As a UC, I just merged two troops this spring. Both dropped their CO's and found a third so both units are "getting a fresh start." It seems to be going well. I and the DE only had a minimal part of the process. One CO was an elementary school, so that future didn't really look all that bright, the other CO was a National Guard armory unit, again, tenuous in today's climate. The picked up the American Legion as the new CO. The folding unit didn't have a SM and so all-in-all, I think the situation will turn out okay all the way around.

        Stosh

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        • #5
          You have all voiced some of my thoughts. The other troop would be merging into my troop. I would stay the SM and the CC would stay the same. My troop is self chartered so in effect I direct the troop. The families would have to agree to our bylaws and methods. The important question for me was how to merge in older scouts to our existing two patrols. My plan was to bring the other scouts in as a new patrol. Then when ready call for elections. Their scouts need POR's and so do my scouts. I don't want my existing scout to feel that they are being pushed out or marginalized by the older scouts. I'm meeting with the other SM this week to talk.

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          • #6
            Two nearby Packs merged when one of their Charter Orgs wanted to start charging the Pack for meeting space rental. It wasn't a merger so much as the one Pack absorbed/mass transferred the other Pack (both Packs fed the same Troop).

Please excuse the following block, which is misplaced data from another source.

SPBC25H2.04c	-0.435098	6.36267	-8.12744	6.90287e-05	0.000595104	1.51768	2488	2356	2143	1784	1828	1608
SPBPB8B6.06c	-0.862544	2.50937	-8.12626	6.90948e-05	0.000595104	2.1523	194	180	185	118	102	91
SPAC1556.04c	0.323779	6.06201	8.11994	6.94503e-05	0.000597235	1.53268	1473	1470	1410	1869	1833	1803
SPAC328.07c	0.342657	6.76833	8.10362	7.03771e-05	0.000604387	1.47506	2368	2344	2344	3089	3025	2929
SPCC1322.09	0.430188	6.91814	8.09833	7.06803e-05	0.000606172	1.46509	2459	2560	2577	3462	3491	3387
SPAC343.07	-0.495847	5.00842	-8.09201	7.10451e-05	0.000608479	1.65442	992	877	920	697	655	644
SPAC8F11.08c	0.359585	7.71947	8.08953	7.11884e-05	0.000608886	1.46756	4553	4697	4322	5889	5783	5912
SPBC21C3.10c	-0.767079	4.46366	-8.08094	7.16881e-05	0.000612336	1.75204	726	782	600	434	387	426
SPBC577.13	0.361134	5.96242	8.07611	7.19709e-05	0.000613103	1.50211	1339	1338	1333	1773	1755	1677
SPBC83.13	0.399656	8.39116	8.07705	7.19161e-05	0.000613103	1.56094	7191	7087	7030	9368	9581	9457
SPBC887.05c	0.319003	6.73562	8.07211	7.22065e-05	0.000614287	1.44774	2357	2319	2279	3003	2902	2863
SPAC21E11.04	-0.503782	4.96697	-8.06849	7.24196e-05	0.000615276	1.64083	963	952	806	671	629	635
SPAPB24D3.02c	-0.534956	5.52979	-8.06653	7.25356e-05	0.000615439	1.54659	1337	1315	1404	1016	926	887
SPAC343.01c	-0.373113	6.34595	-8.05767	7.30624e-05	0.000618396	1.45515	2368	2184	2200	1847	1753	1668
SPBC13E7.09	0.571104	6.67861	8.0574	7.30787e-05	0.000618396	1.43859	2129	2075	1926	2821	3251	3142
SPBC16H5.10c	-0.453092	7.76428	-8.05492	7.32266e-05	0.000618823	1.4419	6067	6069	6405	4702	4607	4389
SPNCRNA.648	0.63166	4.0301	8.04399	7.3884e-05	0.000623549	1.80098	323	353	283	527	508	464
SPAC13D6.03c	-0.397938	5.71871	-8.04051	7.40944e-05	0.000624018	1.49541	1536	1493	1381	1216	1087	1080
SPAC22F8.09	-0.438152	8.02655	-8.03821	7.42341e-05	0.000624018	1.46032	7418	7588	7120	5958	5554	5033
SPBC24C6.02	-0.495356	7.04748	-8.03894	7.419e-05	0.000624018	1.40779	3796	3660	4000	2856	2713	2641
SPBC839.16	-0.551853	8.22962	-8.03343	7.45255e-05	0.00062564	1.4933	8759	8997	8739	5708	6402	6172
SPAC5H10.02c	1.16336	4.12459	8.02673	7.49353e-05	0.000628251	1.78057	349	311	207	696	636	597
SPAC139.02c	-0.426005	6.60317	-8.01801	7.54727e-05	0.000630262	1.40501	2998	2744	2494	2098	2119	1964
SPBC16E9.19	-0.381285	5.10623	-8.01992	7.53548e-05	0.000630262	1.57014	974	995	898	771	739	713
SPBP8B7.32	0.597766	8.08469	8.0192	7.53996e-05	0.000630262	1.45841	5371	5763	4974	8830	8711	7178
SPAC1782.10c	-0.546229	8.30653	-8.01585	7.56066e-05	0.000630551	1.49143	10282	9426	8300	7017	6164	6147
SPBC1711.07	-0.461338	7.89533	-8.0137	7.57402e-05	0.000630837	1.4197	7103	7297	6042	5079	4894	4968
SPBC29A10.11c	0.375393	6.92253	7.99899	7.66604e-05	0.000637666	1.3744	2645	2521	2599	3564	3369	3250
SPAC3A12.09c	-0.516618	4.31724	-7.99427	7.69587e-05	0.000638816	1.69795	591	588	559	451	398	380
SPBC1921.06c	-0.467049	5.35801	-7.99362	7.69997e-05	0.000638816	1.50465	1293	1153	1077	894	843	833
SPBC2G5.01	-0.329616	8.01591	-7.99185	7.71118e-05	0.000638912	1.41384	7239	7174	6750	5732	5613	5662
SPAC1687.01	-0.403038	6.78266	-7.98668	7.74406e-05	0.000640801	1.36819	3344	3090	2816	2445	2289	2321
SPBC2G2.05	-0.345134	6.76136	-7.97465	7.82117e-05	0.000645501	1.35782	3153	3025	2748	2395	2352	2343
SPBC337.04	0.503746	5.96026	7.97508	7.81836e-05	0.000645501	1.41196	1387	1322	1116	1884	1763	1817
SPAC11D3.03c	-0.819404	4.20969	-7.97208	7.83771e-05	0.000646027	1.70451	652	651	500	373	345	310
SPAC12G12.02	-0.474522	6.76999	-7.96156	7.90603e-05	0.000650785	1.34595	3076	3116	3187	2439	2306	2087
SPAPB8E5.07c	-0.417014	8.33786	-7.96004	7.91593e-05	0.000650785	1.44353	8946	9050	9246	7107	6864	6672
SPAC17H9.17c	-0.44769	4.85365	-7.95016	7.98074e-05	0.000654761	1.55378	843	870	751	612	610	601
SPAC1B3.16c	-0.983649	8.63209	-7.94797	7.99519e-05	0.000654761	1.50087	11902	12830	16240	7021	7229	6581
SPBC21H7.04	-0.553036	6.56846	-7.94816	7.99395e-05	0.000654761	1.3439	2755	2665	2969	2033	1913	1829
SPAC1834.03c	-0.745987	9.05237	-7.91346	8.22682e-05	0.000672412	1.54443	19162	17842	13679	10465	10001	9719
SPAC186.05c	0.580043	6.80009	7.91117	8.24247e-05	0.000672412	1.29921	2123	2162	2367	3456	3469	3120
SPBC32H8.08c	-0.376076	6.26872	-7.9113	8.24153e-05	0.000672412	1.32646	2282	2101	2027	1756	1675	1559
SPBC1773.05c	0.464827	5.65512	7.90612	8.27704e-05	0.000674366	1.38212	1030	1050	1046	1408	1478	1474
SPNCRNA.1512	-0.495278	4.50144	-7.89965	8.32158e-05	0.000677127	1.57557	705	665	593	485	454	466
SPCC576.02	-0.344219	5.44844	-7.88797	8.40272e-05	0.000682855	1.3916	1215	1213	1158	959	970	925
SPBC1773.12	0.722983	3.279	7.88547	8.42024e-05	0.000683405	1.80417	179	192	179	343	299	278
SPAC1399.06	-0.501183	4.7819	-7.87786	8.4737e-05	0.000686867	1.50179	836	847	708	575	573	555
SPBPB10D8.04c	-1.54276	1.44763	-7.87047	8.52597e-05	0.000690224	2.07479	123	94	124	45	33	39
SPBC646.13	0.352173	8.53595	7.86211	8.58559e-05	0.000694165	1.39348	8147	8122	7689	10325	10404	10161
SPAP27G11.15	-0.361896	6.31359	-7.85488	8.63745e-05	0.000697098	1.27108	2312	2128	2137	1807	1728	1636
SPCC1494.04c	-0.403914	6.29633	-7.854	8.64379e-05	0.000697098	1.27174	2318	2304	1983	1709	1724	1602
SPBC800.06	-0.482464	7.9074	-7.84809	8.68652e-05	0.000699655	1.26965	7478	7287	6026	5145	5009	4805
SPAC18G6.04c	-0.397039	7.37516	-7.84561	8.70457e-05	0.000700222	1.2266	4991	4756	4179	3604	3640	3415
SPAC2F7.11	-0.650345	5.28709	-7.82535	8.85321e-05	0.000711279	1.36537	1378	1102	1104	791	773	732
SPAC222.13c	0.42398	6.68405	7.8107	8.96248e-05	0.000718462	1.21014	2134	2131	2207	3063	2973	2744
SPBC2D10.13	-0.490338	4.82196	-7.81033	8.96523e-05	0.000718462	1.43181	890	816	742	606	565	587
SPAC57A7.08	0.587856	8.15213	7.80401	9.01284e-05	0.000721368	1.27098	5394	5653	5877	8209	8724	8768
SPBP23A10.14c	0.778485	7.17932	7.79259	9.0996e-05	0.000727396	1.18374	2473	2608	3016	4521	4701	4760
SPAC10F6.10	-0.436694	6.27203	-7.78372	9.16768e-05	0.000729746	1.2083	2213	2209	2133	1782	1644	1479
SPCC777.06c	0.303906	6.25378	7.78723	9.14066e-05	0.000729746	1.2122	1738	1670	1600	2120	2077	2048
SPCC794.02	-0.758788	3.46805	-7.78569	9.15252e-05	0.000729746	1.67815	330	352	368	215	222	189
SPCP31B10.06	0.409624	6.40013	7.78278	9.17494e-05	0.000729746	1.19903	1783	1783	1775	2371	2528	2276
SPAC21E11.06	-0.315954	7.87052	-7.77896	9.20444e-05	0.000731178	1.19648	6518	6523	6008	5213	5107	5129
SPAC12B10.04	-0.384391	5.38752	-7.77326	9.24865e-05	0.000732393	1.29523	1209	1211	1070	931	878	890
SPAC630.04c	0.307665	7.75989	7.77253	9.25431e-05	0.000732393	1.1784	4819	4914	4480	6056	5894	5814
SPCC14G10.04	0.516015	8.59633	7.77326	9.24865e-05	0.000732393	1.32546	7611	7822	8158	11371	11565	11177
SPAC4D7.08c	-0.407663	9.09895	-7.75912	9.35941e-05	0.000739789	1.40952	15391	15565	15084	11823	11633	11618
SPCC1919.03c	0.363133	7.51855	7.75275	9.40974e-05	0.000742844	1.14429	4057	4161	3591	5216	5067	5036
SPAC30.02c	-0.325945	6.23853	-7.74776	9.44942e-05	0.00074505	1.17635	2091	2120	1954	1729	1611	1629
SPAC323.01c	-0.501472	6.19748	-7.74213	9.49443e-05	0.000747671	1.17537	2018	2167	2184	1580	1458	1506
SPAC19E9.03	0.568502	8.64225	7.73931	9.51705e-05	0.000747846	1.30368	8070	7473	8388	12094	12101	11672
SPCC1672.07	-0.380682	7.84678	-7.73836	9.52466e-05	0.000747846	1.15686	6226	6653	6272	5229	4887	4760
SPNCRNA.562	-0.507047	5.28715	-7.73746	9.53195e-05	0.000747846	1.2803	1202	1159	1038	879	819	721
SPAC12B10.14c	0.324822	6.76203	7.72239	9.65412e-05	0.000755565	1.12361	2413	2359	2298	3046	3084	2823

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            • #7
              Originally posted by SM bob View Post
              I have been asked by another troop if they could merge with mine. It would double my troop size. ...
              So you still get to be SM? Or will you face off in a game of mumbly peg, loser getting the patch?

              Our troop absorbed a number of boys from adjacent neighborhoods ... mainly because they saw us as being more boy led. Most of us adults really enjoyed the new boys' company. Some of the adults were a little rough, but to complain would have been pots calling kettles black. Our established boys in the upper age range, however, were a little cliquish (stellar academic and athletic types). It took the younger siblings in both groups to really form a decent bond with one another.

              During all of this, some of the local adults went and spun off a new troops (technically, merged with a failing troop and relocated it to a different CO), and one adult went from there to spin off a third troop. Lots of reasons for that, but my point is that everyone might like the way you operate "on paper," but a point may come a year or two down the road where there are just too many chefs in one kitchen!

              Comment


              • #8
                Originally posted by qwazse View Post

                Our established boys in the upper age range, however, were a little cliquish (stellar academic and athletic types). It took the younger siblings in both groups to really form a decent bond with one another.
                This was the part I wanted to point out as well, older scouts "Don't like change". It is rare for older scouts to go along with big changes in program, even if the change is just a merger. It can work, I'm just advising (warning) to consider the scouts 14 and older. The more involved they are at the begining, the better your chances of success after the merge.

                As for the merge, we found that only 25% of merges and splits are successful. Success meaning that the units continue to perform at least as well as before the change.

                Barry

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                • #9
                  Originally posted by SM bob View Post
                  My troop is self chartered so in effect I direct the troop. .
                  Anyone else see this as a red flag?

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                  • #10
                    Originally posted by The Blancmange View Post
                    Anyone else see this as a red flag?

                    As long as teh kids and parents are happy with it, and BSA rules are followed, a self-chartered troop is fine.

                    Comment